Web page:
The 2016 presidential election has already unleashed more than $1 million in negative ads, according to a Center for Public Integrity review of federal campaign finance filings.
Only 515 more days until Election Day. In the meantime, expect the price of presidential mudslinging to rapidly hit eight, then eventually nine figures, as the already crowded race for the White House escalates.
To date, nearly all of the negativity has been directed at Democratic Party frontrunner Hillary Clinton, who announced her candidacy in mid-April.
This month alone, Clinton has been attacked by the Republican National Committee and a host of other conservative groups, including the Stop Hillary PAC and the Citizens United Super PAC.
“Getting in early was the only way to go given the enormity of the opposition,” said Dan Backer, treasurer of the Stop Hillary PAC.
“That strategic move will ultimately help defeat her,” Backer continued. “A lot of groups have recognized the coming storm and are getting themselves and their audiences ready.”
And other left-leaning political groups, including the Democratic National Committee, have turned Clinton’s embattlement into fundraising opportunities of their own.
Johanna Dunaway, an associate professor of political science and mass communication at Louisiana State University, said early advertisements are important for several reasons, including fundraising and establishing a candidate’s reputation.
“Early ads are critical to defining candidates and what they are all about — from their personal bio to their policy positions,” she said.
So far, just one Republican candidate — former Arkansas Gov. Mike Huckabee — has been targeted by attack ads, according to reports filed with the Federal Election Commission by party committees, nonprofits, political action committees and super PACs.
Not captured by these reports: so-called “issue ads” that cast candidates and their policy positions in a negative light that are not disclosed to federal election regulators this early in the campaign process.
Huckabee has witnessed about $100,000 spent against him so far — all by the conservative Club for Growth, an anti-tax organization that has played a prominent role in the careers of several of Huckabee’s Republican rivals, including Sens. Ted Cruz, Rand Paul and Marco Rubio.
Earlier this year, David McIntosh, president of the Club for Growth, warned that his group would “make sure that Republican primary voters thoroughly examine [Huckabee’s] exceptionally poor record.”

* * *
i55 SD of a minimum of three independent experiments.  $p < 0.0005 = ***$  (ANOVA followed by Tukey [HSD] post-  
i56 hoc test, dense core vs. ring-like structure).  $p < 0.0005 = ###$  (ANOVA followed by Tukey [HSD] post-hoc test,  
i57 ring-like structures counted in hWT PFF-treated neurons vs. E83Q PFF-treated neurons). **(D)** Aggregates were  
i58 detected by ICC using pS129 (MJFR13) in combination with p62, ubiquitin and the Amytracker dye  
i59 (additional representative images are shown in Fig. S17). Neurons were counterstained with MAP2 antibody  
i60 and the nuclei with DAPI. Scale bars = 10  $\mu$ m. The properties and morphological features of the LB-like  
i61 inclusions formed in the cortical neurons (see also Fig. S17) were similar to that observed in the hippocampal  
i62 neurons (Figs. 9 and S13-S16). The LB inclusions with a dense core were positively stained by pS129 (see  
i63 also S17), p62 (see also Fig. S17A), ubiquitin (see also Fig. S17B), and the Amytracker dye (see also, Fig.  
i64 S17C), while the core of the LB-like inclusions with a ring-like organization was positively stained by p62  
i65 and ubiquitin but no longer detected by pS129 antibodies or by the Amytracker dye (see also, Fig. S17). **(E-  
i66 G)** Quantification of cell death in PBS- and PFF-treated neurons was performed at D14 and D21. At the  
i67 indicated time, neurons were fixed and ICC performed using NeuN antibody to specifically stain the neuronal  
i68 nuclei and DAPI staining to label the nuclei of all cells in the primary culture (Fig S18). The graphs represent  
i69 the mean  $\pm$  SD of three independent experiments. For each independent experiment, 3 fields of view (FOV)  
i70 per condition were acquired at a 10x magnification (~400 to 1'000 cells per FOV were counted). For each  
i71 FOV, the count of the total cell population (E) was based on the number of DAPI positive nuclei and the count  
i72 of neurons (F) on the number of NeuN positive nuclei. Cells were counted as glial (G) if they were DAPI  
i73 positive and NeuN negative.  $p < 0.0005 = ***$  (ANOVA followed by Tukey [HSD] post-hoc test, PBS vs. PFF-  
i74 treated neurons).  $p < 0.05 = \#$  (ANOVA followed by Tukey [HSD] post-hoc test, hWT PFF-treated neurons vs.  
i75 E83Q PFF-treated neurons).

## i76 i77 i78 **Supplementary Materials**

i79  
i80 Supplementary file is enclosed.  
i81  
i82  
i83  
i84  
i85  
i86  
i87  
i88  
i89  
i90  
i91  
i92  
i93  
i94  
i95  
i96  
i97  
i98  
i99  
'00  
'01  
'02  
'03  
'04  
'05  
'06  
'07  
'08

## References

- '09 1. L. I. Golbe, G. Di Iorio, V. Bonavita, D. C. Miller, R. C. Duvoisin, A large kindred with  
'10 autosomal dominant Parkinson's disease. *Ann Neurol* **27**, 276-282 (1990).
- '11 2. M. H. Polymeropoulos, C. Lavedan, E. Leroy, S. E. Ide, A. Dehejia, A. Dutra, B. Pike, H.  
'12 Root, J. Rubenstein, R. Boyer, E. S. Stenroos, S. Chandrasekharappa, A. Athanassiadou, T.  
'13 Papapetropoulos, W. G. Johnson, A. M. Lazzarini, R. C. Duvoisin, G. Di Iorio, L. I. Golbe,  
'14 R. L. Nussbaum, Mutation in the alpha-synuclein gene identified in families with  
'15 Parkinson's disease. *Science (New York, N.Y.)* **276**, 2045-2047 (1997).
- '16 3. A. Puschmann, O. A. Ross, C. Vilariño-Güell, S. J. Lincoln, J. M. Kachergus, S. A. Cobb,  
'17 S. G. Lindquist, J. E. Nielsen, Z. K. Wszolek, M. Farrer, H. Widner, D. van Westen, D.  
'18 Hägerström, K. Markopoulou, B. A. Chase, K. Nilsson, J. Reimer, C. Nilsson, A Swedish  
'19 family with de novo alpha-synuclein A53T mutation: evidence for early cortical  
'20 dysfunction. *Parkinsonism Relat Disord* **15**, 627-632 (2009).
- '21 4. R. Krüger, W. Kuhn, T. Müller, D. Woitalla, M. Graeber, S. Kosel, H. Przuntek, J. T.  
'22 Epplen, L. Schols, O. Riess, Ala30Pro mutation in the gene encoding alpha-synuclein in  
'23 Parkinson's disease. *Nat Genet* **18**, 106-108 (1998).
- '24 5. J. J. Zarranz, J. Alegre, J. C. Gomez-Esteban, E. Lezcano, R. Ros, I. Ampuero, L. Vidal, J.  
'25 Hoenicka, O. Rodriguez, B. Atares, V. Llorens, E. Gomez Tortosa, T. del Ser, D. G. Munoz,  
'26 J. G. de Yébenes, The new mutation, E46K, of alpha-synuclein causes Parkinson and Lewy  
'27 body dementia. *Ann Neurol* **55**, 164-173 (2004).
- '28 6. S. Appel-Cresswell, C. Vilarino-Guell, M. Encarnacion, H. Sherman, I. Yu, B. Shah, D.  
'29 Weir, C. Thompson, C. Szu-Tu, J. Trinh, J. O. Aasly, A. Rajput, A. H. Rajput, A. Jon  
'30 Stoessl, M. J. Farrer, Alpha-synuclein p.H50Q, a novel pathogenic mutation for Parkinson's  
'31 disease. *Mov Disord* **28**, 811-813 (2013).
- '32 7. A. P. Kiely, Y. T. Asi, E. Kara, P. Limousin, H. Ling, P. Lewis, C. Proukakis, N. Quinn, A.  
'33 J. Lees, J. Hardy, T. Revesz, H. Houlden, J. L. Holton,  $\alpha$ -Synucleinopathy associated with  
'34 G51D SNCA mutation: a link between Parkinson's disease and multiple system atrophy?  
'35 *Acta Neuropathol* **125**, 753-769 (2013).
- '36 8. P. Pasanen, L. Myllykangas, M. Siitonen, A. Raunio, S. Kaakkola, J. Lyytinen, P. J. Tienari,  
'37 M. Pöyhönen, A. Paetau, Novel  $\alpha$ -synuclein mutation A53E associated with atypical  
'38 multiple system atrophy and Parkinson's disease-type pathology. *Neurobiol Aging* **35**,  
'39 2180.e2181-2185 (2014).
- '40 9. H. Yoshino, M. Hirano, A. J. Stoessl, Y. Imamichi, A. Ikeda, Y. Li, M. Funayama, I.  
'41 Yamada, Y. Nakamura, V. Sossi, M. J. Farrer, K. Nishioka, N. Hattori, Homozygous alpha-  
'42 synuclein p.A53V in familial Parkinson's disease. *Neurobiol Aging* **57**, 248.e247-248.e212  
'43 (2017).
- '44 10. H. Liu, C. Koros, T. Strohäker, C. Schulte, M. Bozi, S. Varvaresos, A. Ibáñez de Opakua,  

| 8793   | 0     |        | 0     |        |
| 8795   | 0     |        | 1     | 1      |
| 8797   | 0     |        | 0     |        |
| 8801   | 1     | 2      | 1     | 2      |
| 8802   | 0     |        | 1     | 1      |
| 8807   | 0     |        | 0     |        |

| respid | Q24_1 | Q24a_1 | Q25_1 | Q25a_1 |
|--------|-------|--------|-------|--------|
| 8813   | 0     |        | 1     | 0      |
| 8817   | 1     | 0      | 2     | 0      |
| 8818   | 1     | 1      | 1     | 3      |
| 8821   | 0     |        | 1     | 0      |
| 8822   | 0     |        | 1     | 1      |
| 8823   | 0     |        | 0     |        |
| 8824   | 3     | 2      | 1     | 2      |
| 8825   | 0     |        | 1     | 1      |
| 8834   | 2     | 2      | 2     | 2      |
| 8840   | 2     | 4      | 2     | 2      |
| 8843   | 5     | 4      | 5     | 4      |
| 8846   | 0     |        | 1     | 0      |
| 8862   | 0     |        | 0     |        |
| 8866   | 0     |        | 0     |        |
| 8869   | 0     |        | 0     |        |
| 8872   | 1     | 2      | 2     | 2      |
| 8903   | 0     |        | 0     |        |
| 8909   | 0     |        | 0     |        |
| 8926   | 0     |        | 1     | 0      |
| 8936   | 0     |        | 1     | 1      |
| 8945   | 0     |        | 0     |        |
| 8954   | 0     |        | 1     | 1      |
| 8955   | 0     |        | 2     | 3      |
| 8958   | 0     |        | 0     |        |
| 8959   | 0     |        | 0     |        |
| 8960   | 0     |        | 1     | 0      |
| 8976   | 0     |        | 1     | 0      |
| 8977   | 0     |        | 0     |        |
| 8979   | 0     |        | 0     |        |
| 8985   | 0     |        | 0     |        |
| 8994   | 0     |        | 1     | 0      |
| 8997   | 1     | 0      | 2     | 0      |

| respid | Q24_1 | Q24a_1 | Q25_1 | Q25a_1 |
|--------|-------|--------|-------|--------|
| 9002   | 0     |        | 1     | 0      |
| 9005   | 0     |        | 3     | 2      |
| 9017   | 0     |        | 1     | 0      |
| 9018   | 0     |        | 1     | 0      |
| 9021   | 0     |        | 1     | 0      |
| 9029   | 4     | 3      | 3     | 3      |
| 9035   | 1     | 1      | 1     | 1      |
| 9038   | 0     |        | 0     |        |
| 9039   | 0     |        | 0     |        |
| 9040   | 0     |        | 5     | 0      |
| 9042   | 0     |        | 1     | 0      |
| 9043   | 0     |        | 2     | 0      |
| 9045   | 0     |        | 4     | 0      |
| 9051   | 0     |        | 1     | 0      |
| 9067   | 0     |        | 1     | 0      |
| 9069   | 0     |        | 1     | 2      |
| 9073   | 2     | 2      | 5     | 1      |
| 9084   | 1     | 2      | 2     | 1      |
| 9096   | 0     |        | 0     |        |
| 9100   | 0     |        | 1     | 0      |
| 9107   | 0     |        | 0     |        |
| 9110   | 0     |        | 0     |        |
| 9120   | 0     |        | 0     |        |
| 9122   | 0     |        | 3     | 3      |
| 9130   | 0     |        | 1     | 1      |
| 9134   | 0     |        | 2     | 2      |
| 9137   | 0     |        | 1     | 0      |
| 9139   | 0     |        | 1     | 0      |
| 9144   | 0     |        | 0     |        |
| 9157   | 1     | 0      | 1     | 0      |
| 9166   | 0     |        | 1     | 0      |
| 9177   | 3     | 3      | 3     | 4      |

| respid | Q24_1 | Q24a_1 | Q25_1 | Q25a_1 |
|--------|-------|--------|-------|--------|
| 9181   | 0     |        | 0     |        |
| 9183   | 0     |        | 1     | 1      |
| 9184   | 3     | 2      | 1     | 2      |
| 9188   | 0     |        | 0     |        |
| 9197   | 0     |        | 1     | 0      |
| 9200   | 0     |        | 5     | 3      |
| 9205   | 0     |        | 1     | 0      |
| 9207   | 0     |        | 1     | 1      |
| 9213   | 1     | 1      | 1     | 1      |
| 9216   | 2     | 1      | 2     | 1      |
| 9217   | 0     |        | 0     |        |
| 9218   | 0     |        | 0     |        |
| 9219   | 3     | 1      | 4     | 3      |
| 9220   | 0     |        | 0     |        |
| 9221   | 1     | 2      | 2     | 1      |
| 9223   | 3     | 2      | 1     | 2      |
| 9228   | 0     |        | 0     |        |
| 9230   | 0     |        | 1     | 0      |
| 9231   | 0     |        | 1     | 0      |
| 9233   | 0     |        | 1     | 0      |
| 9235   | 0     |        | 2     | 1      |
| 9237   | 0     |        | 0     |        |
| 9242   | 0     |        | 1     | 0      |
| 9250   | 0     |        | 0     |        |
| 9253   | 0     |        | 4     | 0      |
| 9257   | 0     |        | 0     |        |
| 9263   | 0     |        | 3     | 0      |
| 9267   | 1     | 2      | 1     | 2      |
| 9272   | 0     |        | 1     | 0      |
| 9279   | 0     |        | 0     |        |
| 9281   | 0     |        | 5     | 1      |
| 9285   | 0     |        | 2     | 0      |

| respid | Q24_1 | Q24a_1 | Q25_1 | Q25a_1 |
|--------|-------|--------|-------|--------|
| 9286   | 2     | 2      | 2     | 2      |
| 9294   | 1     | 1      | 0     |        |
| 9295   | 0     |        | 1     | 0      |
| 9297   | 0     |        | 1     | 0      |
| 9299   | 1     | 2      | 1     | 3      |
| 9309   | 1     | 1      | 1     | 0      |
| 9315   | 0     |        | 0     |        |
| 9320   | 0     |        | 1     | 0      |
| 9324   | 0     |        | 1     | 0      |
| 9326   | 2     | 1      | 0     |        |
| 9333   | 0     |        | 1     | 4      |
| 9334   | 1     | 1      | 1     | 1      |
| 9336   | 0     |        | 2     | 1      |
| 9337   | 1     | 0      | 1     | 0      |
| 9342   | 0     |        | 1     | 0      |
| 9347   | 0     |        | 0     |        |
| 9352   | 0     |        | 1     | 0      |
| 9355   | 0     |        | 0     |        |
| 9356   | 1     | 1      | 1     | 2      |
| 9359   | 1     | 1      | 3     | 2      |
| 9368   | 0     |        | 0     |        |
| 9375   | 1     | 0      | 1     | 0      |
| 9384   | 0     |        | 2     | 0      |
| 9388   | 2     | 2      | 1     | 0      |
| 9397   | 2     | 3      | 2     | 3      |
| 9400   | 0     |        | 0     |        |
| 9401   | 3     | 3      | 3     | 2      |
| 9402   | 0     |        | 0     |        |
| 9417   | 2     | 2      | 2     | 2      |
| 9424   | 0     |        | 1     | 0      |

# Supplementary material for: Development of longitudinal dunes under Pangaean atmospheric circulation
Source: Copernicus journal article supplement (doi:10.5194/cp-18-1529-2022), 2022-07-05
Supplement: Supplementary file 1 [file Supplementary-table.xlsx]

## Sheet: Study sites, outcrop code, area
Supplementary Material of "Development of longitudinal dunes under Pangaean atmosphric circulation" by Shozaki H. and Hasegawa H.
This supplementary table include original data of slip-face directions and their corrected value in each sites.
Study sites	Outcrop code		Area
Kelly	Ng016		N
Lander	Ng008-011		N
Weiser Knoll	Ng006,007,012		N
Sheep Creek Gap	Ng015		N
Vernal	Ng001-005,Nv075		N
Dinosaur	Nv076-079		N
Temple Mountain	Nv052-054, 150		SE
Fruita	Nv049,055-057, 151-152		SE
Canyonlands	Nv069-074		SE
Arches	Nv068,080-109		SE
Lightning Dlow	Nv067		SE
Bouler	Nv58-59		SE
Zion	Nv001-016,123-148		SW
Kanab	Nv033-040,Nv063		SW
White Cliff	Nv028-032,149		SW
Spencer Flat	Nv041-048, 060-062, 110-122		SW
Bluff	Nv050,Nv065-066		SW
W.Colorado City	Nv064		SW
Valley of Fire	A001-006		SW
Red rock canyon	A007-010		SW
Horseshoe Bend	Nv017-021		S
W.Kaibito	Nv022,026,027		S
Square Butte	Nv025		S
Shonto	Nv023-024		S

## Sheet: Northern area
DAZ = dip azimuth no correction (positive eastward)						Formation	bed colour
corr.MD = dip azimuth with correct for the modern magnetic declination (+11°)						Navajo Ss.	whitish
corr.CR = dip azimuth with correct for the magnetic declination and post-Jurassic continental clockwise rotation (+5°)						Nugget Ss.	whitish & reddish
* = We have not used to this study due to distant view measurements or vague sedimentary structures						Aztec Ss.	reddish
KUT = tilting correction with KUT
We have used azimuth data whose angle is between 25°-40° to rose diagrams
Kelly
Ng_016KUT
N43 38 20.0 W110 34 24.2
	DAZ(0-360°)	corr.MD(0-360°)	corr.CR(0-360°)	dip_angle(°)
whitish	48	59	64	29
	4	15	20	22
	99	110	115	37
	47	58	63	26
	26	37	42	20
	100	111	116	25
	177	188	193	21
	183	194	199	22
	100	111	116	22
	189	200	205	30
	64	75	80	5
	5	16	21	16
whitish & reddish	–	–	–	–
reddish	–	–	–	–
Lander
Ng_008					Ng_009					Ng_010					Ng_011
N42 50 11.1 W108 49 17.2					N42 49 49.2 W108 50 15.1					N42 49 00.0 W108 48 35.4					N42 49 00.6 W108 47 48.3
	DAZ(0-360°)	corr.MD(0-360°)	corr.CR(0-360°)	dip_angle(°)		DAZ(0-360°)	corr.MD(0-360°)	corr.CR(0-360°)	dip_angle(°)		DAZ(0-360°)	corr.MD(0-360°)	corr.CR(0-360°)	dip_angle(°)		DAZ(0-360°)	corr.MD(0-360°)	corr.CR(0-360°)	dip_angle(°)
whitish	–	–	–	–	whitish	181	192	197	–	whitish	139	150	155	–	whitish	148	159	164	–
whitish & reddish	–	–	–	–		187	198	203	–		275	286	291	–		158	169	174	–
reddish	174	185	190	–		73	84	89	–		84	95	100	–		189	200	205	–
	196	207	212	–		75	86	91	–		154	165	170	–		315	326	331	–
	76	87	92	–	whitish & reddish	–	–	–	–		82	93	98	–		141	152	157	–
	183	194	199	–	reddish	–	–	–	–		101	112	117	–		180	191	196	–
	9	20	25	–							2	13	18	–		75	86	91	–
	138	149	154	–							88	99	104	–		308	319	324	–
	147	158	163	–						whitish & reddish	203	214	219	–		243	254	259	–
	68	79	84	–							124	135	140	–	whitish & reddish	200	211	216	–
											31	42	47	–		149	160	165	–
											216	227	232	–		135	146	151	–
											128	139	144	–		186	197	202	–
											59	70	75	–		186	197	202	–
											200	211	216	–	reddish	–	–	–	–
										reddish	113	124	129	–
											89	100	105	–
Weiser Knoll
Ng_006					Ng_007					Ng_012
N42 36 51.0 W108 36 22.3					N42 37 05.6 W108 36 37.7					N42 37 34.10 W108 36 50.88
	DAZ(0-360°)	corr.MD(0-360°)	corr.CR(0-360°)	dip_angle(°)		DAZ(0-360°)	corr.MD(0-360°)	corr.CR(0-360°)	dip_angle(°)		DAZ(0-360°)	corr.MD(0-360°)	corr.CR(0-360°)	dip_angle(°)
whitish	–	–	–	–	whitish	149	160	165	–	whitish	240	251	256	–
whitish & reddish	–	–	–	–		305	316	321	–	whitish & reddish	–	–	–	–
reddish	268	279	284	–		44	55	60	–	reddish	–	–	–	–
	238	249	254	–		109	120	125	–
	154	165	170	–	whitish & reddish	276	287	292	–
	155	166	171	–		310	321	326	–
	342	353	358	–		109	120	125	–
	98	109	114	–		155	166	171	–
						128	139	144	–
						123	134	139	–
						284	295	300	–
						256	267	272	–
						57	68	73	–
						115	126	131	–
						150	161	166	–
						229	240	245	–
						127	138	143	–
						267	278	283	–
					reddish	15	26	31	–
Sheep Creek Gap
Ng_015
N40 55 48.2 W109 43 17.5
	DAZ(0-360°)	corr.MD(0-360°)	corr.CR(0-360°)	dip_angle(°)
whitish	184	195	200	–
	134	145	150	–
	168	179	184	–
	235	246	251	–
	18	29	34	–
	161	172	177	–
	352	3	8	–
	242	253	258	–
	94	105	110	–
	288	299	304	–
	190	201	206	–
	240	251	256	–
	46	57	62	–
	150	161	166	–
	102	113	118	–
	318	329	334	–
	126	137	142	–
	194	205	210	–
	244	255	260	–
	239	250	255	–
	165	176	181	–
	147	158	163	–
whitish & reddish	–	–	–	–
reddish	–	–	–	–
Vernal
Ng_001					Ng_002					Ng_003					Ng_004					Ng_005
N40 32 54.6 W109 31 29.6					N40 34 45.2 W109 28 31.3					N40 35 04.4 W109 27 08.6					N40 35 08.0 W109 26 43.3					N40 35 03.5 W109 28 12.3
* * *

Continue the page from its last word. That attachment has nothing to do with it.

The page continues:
In an email, Club for Growth spokesman Doug Sachtleben stressed that the Club for Growth had not officially endorsed anyone in the race but praised Cruz, Paul and Rubio for having “walked the talk.”
Huckabee could also face trouble from a new super PAC, Truth Squad 2016, which was formed this week by 2012 Republican presidential also-ran Fred Karger. The committee’s organizational paperwork specifically names Huckabee as a candidate it exists to oppose.
Some political groups, however, are opting to introduce their preferred candidates in a positive light.
Paul, the libertarian-leaning senator from Kentucky, for instance, has benefited from super PAC Concerned Voters for America spending more than $250,000 on field organizers to promote his campaign.
Concerned Voters for America has, in the past, received the bulk of its funding from a nonprofit organization that grew out of the failed 2008 presidential campaign of his father, former Republican Rep. Ron Paul of Texas.
Meanwhile, Rick Perry, the former governor of Texas who announced his presidential run on June 4, has been praised in more than $200,000 worth of TV ads in Iowa this month by a supportive super PAC called the Opportunity and Freedom PAC.
Jordan Russell, a spokesman for the group, said the ad buy was a “chance to reintroduce Gov. Perry’s record to voters” and was a way to help Perry “build momentum.”
Furthermore, Cruz, the Texas senator beloved by many tea party activists, has been lauded to the tune of about $50,000 to date by a political action committee called Make DC Listen, a name that stems from a popular phrase in his speeches.
Overall, groups not controlled by the candidates have spent about half as much on positive ads so far this year — roughly $575,000 — as negative ones, according to the Center for Public Integrity’s analysis.
Most presidential candidates will file their first campaign finance reports with the FEC next month.
This story was co-published with TIME.
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